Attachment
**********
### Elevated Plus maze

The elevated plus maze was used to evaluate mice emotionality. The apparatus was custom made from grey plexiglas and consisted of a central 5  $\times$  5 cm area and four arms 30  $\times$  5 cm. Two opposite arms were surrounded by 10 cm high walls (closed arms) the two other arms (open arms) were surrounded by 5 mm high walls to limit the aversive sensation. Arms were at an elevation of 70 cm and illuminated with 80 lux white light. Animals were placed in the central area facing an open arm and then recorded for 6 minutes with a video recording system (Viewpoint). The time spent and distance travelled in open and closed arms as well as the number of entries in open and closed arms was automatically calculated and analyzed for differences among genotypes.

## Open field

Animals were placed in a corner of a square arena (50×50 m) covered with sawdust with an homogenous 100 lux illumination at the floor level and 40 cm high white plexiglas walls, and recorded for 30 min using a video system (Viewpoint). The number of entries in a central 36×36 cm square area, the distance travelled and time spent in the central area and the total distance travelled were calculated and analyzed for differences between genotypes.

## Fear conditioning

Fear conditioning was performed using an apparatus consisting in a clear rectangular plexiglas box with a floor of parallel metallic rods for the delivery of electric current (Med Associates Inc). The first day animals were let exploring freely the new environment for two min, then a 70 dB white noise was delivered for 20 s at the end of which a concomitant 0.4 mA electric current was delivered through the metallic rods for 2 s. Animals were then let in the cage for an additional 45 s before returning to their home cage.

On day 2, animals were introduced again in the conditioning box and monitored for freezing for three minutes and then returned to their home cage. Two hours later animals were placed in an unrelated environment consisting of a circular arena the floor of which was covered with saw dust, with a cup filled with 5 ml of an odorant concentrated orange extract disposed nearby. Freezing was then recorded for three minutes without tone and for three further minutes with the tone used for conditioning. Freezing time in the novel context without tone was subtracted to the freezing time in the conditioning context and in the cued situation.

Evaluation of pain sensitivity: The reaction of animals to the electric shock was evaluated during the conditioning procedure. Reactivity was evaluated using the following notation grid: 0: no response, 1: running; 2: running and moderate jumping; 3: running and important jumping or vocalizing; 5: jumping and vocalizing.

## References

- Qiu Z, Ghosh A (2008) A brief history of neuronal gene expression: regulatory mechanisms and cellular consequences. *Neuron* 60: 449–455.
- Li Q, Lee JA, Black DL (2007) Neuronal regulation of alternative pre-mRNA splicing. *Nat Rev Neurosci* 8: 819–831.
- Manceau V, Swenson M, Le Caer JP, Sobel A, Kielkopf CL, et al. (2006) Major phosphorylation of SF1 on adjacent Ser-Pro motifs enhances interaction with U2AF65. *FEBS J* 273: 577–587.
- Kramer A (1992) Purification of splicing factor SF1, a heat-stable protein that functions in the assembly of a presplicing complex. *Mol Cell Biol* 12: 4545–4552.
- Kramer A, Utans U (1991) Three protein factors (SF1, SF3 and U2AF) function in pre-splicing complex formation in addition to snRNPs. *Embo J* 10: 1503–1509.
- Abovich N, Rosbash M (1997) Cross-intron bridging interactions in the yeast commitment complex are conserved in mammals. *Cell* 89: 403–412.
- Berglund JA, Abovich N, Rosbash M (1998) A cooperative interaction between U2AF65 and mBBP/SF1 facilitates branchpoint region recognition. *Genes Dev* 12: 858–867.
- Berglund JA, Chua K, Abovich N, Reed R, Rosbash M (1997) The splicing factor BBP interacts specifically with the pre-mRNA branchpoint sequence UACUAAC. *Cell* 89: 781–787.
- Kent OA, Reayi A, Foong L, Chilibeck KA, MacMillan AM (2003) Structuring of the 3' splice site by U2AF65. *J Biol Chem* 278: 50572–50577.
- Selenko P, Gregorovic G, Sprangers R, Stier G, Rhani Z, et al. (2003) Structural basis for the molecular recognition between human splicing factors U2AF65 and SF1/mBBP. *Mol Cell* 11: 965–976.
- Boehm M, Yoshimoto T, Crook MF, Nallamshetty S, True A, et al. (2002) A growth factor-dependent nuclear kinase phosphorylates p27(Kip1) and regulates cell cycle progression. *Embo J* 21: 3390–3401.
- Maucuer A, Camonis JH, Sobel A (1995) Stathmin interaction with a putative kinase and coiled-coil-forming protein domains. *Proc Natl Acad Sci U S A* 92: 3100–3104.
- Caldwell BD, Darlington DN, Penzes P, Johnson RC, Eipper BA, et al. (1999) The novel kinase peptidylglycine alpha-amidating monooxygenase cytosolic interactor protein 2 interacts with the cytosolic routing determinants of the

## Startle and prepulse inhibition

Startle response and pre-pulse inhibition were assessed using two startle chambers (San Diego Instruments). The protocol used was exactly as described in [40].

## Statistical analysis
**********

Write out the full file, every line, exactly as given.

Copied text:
### Elevated Plus maze

The elevated plus maze was used to evaluate mice emotionality. The apparatus was custom made from grey plexiglas and consisted of a central 5  $\times$  5 cm area and four arms 30  $\times$  5 cm. Two opposite arms were surrounded by 10 cm high walls (closed arms) the two other arms (open arms) were surrounded by 5 mm high walls to limit the aversive sensation. Arms were at an elevation of 70 cm and illuminated with 80 lux white light. Animals were placed in the central area facing an open arm and then recorded for 6 minutes with a video recording system (Viewpoint). The time spent and distance travelled in open and closed arms as well as the number of entries in open and closed arms was automatically calculated and analyzed for differences among genotypes.

## Open field

Animals were placed in a corner of a square arena (50×50 m) covered with sawdust with an homogenous 100 lux illumination at the floor level and 40 cm high white plexiglas walls, and recorded for 30 min using a video system (Viewpoint). The number of entries in a central 36×36 cm square area, the distance travelled and time spent in the central area and the total distance travelled were calculated and analyzed for differences between genotypes.

## Fear conditioning

Fear conditioning was performed using an apparatus consisting in a clear rectangular plexiglas box with a floor of parallel metallic rods for the delivery of electric current (Med Associates Inc). The first day animals were let exploring freely the new environment for two min, then a 70 dB white noise was delivered for 20 s at the end of which a concomitant 0.4 mA electric current was delivered through the metallic rods for 2 s. Animals were then let in the cage for an additional 45 s before returning to their home cage.

On day 2, animals were introduced again in the conditioning box and monitored for freezing for three minutes and then returned to their home cage. Two hours later animals were placed in an unrelated environment consisting of a circular arena the floor of which was covered with saw dust, with a cup filled with 5 ml of an odorant concentrated orange extract disposed nearby. Freezing was then recorded for three minutes without tone and for three further minutes with the tone used for conditioning. Freezing time in the novel context without tone was subtracted to the freezing time in the conditioning context and in the cued situation.

Evaluation of pain sensitivity: The reaction of animals to the electric shock was evaluated during the conditioning procedure. Reactivity was evaluated using the following notation grid: 0: no response, 1: running; 2: running and moderate jumping; 3: running and important jumping or vocalizing; 5: jumping and vocalizing.

## References

- Qiu Z, Ghosh A (2008) A brief history of neuronal gene expression: regulatory mechanisms and cellular consequences. *Neuron* 60: 449–455.
- Li Q, Lee JA, Black DL (2007) Neuronal regulation of alternative pre-mRNA splicing. *Nat Rev Neurosci* 8: 819–831.
- Manceau V, Swenson M, Le Caer JP, Sobel A, Kielkopf CL, et al. (2006) Major phosphorylation of SF1 on adjacent Ser-Pro motifs enhances interaction with U2AF65. *FEBS J* 273: 577–587.
- Kramer A (1992) Purification of splicing factor SF1, a heat-stable protein that functions in the assembly of a presplicing complex. *Mol Cell Biol* 12: 4545–4552.
- Kramer A, Utans U (1991) Three protein factors (SF1, SF3 and U2AF) function in pre-splicing complex formation in addition to snRNPs. *Embo J* 10: 1503–1509.
- Abovich N, Rosbash M (1997) Cross-intron bridging interactions in the yeast commitment complex are conserved in mammals. *Cell* 89: 403–412.
- Berglund JA, Abovich N, Rosbash M (1998) A cooperative interaction between U2AF65 and mBBP/SF1 facilitates branchpoint region recognition. *Genes Dev* 12: 858–867.
- Berglund JA, Chua K, Abovich N, Reed R, Rosbash M (1997) The splicing factor BBP interacts specifically with the pre-mRNA branchpoint sequence UACUAAC. *Cell* 89: 781–787.
- Kent OA, Reayi A, Foong L, Chilibeck KA, MacMillan AM (2003) Structuring of the 3' splice site by U2AF65. *J Biol Chem* 278: 50572–50577.
- Selenko P, Gregorovic G, Sprangers R, Stier G, Rhani Z, et al. (2003) Structural basis for the molecular recognition between human splicing factors U2AF65 and SF1/mBBP. *Mol Cell* 11: 965–976.
- Boehm M, Yoshimoto T, Crook MF, Nallamshetty S, True A, et al. (2002) A growth factor-dependent nuclear kinase phosphorylates p27(Kip1) and regulates cell cycle progression. *Embo J* 21: 3390–3401.
- Maucuer A, Camonis JH, Sobel A (1995) Stathmin interaction with a putative kinase and coiled-coil-forming protein domains. *Proc Natl Acad Sci U S A* 92: 3100–3104.
- Caldwell BD, Darlington DN, Penzes P, Johnson RC, Eipper BA, et al. (1999) The novel kinase peptidylglycine alpha-amidating monooxygenase cytosolic interactor protein 2 interacts with the cytosolic routing determinants of the

## Startle and prepulse inhibition

Startle response and pre-pulse inhibition were assessed using two startle chambers (San Diego Instruments). The protocol used was exactly as described in [40].

## Statistical analysis